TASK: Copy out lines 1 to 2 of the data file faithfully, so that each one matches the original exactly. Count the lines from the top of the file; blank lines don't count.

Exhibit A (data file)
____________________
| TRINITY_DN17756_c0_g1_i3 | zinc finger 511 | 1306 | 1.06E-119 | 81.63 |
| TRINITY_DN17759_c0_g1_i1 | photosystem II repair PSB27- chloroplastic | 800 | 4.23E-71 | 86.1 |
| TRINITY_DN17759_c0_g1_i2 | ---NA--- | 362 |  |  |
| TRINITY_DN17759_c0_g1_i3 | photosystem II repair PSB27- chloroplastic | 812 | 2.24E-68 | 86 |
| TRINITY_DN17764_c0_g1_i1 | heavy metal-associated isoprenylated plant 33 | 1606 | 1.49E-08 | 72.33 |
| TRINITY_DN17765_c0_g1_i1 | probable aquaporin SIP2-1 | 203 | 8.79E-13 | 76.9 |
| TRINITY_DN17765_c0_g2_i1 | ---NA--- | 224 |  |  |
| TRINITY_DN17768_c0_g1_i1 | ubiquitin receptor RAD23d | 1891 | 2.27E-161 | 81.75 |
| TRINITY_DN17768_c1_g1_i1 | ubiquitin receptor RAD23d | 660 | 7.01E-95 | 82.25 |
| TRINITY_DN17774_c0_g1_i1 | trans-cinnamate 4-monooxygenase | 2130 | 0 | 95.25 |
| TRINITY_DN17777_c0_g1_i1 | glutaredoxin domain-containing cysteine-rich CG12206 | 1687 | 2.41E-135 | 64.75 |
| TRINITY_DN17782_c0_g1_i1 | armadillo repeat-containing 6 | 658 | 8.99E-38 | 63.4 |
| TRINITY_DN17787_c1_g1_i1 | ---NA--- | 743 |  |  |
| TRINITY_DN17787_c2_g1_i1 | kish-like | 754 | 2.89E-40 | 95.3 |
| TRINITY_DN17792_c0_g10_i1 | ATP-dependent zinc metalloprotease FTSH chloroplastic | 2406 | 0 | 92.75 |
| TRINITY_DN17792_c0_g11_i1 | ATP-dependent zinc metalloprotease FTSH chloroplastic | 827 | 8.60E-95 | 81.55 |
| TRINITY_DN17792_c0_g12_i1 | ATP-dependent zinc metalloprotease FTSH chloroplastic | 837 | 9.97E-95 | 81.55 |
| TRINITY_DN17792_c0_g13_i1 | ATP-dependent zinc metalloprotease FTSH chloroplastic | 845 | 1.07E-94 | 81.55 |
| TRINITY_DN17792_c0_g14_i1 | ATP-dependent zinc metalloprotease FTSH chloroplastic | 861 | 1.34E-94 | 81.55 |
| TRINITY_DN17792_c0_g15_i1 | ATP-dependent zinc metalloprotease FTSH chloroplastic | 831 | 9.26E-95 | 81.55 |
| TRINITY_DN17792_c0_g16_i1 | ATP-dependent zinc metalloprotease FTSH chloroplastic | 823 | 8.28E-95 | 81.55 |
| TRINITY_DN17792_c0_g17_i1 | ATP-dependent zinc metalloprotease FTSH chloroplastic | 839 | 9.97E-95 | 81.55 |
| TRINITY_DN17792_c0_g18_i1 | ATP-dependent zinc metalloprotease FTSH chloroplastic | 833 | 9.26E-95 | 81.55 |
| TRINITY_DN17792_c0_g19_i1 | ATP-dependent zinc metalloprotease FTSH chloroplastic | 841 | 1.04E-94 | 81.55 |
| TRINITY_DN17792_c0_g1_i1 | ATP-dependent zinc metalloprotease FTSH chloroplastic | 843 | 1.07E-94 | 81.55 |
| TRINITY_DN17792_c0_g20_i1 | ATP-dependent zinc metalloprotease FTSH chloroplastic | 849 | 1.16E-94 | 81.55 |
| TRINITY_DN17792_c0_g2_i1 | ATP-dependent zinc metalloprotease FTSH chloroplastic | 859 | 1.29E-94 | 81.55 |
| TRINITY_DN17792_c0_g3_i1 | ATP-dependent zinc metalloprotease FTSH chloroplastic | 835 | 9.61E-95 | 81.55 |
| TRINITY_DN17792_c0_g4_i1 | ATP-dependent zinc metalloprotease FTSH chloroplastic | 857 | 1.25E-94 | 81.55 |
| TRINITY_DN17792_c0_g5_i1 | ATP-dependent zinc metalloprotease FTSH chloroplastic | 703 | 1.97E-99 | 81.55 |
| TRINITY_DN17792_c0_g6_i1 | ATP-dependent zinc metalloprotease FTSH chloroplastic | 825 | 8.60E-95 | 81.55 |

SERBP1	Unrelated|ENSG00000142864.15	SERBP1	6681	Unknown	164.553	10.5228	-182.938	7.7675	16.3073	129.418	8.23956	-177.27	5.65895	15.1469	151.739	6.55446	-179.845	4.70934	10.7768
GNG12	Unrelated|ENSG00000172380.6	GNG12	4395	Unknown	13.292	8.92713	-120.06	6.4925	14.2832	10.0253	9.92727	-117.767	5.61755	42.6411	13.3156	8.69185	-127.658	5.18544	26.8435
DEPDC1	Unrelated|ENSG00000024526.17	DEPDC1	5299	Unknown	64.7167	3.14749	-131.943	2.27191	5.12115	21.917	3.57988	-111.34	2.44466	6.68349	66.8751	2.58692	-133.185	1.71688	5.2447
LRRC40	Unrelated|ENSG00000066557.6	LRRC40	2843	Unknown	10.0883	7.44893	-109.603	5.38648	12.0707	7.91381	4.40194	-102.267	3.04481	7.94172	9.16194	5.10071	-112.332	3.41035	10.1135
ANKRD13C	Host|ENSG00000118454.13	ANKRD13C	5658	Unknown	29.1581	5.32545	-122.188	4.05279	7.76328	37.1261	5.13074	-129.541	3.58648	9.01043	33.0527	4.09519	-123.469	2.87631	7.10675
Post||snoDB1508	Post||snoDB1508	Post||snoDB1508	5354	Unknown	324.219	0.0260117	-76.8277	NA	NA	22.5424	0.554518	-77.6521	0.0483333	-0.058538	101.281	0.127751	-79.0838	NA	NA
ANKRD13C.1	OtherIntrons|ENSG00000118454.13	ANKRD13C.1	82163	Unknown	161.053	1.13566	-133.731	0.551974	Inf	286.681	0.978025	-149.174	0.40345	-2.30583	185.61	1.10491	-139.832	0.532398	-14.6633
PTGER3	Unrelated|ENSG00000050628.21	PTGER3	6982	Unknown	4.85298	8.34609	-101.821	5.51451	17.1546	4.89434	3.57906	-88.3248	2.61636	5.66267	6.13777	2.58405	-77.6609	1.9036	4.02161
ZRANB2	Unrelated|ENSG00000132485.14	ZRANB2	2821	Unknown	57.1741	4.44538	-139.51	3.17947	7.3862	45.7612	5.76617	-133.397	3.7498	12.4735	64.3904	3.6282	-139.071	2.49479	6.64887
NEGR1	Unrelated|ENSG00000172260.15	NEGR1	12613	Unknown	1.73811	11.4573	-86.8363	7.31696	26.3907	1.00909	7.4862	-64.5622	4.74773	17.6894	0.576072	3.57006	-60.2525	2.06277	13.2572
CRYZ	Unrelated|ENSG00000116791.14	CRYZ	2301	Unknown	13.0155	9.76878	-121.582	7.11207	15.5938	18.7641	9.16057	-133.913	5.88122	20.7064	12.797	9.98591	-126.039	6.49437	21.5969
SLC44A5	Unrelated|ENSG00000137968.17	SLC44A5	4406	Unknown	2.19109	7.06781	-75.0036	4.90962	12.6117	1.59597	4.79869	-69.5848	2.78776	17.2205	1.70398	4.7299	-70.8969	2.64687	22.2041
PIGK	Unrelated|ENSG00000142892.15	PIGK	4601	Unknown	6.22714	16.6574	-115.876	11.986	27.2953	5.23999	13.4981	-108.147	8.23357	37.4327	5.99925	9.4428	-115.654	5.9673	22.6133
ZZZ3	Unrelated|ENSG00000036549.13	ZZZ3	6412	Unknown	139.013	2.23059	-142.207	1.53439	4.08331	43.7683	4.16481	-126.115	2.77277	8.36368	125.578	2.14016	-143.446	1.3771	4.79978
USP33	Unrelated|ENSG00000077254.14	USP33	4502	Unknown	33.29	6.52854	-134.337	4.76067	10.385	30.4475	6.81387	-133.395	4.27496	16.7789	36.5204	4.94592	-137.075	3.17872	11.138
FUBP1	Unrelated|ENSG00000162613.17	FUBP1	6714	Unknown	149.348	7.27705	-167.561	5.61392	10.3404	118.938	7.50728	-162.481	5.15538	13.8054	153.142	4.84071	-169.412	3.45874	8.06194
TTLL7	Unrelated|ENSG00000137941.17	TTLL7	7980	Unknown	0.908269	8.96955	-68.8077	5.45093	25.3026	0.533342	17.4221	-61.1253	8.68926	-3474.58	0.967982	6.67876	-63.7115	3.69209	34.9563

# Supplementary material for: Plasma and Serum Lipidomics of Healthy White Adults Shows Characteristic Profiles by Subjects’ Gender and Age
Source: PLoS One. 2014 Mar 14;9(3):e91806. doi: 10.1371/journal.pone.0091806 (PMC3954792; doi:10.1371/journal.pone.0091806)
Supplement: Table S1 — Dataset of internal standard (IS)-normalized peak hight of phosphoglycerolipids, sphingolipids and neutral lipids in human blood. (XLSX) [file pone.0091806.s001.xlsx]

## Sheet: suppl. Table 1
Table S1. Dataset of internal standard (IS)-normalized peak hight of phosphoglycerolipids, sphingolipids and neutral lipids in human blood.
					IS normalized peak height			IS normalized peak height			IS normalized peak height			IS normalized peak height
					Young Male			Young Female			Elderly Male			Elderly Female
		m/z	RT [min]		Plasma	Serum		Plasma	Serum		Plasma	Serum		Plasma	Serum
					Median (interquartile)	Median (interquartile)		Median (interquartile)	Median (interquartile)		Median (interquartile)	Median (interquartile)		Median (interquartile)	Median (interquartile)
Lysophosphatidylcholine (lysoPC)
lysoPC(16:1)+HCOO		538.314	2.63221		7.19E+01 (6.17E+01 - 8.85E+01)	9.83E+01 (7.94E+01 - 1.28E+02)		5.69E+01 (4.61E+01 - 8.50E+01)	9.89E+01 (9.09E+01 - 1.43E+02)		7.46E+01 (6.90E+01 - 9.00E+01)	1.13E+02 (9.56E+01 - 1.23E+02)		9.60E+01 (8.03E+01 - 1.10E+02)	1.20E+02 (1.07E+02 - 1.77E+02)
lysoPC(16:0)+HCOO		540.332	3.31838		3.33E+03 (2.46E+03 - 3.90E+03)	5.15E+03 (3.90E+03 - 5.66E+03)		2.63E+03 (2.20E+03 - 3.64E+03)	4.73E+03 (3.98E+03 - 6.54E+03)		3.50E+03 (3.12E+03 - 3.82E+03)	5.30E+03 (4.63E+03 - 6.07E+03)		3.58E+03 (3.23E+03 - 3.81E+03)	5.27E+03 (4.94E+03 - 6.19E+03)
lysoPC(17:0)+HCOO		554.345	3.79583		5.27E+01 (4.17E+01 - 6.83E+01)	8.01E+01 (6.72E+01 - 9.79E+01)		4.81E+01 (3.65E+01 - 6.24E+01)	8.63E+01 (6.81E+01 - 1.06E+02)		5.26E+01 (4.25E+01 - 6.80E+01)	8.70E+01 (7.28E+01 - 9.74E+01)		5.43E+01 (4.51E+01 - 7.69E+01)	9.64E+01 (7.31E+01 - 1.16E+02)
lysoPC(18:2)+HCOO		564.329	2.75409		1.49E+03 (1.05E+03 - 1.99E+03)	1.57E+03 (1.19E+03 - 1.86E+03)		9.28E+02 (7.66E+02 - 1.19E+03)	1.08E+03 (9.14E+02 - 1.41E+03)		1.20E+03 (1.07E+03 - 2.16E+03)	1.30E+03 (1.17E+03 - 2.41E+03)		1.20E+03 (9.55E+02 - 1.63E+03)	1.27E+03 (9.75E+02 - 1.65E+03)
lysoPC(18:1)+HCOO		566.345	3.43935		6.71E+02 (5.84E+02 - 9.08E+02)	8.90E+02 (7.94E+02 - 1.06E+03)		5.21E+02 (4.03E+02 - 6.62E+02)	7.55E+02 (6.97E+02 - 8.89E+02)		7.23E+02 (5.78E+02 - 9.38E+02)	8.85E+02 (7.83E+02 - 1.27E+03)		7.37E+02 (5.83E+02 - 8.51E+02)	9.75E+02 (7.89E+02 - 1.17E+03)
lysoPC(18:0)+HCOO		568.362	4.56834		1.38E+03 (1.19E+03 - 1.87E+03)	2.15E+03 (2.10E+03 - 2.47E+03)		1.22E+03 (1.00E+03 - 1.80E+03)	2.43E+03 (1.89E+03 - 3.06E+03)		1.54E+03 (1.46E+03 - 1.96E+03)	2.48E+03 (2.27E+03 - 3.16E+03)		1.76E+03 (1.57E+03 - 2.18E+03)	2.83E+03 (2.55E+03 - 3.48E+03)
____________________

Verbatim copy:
| TRINITY_DN17756_c0_g1_i3 | zinc finger 511 | 1306 | 1.06E-119 | 81.63 |
| TRINITY_DN17759_c0_g1_i1 | photosystem II repair PSB27- chloroplastic | 800 | 4.23E-71 | 86.1 |